Sarcomas are malignant tumors of mesenchymal origin.
Mesenchyme = embryonic connective tissue derived from the mesoderm.
The mesoderm differentiates into hematopoietic and connective tissue.
Sarcomas arise from the skeleton and "supporting structures":
- Skeletal (voluntary muscle)
- Smooth (involuntary muscle)
- Fibrous tissue
There are many different types of sarcomas with a broad range of histological appearances, differentiation and clinical behaviors.
Sarcomas can be classified in terms of their location:
- Soft tissue
Soft tissue Sarcomas (STS) :
Childhood muscle sarcomas are broadly grouped as:
- Rhabdomyosarcoma (RMS)
- Non-rhabdomyosarcoma soft tissue sarcoma (NRMS, Non-RMS or NRMSTS)
Rhabdomyosarcomas (RMS) are thought to arise from immature mesenchymal cells that should normally be involved in the development of skeletal muscle. But RMS can be found in areas where one would not expect to find striated muscle.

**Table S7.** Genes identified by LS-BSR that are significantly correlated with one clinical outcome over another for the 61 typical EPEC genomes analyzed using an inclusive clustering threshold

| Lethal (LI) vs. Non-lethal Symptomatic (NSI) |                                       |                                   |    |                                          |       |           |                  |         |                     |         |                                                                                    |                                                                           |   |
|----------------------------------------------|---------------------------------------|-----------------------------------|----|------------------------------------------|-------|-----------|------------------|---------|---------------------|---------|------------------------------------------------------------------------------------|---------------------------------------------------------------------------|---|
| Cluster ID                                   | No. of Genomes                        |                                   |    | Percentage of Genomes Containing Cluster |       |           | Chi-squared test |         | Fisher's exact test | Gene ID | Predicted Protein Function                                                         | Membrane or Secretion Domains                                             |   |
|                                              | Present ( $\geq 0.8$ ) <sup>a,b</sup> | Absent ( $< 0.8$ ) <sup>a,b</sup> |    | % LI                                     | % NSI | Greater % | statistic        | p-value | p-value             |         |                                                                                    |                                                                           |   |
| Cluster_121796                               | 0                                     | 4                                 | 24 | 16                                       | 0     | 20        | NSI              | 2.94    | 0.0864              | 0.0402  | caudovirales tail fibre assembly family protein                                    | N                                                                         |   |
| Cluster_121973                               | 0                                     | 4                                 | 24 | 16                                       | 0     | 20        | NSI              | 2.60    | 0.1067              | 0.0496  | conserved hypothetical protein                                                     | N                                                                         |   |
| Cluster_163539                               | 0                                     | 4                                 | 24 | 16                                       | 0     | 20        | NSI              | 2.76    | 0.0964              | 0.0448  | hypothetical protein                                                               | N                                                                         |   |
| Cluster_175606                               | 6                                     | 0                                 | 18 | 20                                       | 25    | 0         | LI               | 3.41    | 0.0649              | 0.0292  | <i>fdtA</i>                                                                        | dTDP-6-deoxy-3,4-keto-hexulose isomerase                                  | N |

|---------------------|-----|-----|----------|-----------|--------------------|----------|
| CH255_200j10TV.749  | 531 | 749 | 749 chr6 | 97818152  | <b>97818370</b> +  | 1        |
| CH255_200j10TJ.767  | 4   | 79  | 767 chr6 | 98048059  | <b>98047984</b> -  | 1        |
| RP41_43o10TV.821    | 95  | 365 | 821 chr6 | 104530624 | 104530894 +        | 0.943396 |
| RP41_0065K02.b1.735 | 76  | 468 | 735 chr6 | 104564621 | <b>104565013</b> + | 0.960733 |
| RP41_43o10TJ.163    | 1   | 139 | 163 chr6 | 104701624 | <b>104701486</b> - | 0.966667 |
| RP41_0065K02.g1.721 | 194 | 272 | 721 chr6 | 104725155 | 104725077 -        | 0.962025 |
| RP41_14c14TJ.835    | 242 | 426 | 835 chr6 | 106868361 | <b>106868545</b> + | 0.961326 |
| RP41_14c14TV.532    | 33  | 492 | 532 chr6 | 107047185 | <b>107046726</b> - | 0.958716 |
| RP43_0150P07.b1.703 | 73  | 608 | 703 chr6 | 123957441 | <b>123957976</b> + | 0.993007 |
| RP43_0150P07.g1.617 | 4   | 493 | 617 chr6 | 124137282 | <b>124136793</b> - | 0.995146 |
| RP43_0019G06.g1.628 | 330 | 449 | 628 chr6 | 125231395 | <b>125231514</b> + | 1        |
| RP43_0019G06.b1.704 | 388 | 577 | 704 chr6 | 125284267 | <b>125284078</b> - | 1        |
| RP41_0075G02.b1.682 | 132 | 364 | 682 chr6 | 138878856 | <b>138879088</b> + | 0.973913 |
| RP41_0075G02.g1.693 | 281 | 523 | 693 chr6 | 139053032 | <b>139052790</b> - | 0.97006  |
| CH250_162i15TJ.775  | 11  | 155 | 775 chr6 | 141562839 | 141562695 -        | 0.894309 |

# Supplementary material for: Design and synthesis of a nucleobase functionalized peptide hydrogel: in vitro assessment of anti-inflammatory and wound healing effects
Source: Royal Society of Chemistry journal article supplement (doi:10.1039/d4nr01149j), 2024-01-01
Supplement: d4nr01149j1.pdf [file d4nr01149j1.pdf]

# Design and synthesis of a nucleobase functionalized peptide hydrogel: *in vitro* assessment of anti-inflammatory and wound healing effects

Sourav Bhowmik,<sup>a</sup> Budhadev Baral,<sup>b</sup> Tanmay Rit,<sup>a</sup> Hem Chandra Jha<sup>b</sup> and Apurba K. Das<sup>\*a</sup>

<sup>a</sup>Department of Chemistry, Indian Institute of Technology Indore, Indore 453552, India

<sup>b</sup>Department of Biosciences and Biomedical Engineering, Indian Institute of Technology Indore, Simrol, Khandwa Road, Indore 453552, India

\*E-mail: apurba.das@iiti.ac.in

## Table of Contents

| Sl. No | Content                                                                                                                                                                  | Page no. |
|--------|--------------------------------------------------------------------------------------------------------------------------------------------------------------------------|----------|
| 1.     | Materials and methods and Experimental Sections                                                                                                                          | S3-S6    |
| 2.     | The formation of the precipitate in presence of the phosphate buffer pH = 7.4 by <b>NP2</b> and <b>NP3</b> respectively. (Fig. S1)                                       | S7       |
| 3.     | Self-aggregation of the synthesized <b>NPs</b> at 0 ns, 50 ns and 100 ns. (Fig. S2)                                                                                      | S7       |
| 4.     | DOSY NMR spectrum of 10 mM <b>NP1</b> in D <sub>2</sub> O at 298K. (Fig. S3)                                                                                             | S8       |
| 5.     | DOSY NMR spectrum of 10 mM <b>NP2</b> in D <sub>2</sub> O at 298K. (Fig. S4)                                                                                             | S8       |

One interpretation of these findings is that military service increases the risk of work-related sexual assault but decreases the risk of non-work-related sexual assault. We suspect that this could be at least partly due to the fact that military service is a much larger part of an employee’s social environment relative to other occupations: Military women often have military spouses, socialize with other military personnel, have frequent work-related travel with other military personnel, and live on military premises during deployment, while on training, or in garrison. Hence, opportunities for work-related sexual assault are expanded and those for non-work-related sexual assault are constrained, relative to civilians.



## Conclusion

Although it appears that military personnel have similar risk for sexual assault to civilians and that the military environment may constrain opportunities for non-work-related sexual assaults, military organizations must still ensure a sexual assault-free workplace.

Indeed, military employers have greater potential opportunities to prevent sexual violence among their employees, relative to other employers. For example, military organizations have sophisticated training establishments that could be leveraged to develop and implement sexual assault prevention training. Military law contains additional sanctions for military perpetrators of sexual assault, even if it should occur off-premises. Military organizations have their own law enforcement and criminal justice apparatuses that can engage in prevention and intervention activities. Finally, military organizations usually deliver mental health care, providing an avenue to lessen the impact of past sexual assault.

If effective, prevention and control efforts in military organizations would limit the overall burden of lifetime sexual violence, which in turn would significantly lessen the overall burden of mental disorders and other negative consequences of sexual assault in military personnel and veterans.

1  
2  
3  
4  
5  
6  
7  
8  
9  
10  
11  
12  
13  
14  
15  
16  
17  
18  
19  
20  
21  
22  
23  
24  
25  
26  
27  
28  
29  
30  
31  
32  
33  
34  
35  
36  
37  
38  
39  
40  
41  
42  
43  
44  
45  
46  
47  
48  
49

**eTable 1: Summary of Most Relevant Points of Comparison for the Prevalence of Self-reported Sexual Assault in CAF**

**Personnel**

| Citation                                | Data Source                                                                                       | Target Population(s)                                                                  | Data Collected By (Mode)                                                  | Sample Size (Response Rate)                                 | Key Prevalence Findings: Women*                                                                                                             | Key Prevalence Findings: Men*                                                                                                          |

In Canada, between 2000 and 2004, rhabdomyosarcoma had a 5 year OSP (Observed Survival Proportions) for children between 0 and 14 years of 80%.
Non-Rhabdomyosarcoma tumors (Non-RMS) include:
- Liposarcomas (rare)
- Lipoblastoma (rare)
- Epithelioid sarcoma
- Synovial sarcoma
- Infantile fibrosarcoma
- Pleomorphic sarcoma (formerly called malignant fibrous histiocytoma)
- Alveolar soft part sarcoma
- Clear cell sarcoma of the soft tissues
- Peripheral nerve sheath tumor
The most common bone tumors in children are:
- Osteogenic sarcoma
- Ewing sarcoma
In Canada between 2000 and 2004 bone sarcomas had one of the lowest 5 year OSP (Observed Survival Proportions) of any childhood cancer diagnosed between 0 and 14 years. It was 66%.